Since most patients with sensory heterotropia want to avoid surgery on the sound eye, as they are very dependent on it, surgery for sensory heterotropia is, if possible, confined to the eye with the visual deficit.4-6 However, in cases of recurred or undercorrected sensory heterotropia, it is difficult to perform re-operation on the deviated eye due to adhesions after the primary surgery, and is often impossible to re-recess or re-resect adequately according to surgical dosage tables on the already recessed or resected muscles. Besides, planning surgery and predicting postsurgical results are difficult due to the occasional unavailability of medical records of the previous surgery. For these reasons, some physicians favor operating on the sound eye for recurred sensory heterotropia. Despite these obstacles, if the surgical result of re-operation on strabismic eye is comparable with that of the primary operation, the physician will not have to operate on the sound eye which can produce discomfort for monocular patients. To the best of our knowledge, no study has examined re-operation on the deviated eye in sensory heterotropia. Therefore, the present study was aimed to evaluate the results of re-operation on the deviated eye of recurred, consecutive or undercorrected sensory strabismus after surgery.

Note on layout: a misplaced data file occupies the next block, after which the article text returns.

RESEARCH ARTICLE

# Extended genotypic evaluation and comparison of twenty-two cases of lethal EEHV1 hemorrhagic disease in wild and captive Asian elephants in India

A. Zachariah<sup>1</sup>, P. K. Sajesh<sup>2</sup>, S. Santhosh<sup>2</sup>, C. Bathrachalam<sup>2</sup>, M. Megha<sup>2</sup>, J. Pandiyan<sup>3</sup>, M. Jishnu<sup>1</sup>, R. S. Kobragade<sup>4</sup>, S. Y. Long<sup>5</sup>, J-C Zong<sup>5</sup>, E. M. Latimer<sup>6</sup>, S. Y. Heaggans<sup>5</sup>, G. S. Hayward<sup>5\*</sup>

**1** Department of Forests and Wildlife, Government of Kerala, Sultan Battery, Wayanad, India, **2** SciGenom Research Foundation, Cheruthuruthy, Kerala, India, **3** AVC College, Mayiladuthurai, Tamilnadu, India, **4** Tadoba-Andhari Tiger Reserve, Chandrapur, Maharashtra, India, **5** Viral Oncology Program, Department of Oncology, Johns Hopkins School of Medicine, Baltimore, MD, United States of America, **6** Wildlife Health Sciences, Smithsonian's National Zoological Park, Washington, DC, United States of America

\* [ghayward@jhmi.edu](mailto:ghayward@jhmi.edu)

Materials and Methods

The medical records from 1995 to 2006 were reviewed for consecutive patients who had received strabismus surgery on the deviated eye for recurred, undercorrected or consecutive sensory heterotropia after the primary surgery. Patients with best corrected visual acuity (BCVA) ≥20/100 on the deviated eye and patients with strabismic amblyopia were excluded. The study was approved by the Institutional Review Board of Seoul National University Hospital and followed the tenets of the Declaration of Helsinki. Informed consent was obtained from all subjects. All patients were informed before surgery of the merits and demerits of re-operation on strabismic eye and were asked to choose which eye they wanted to be operated on.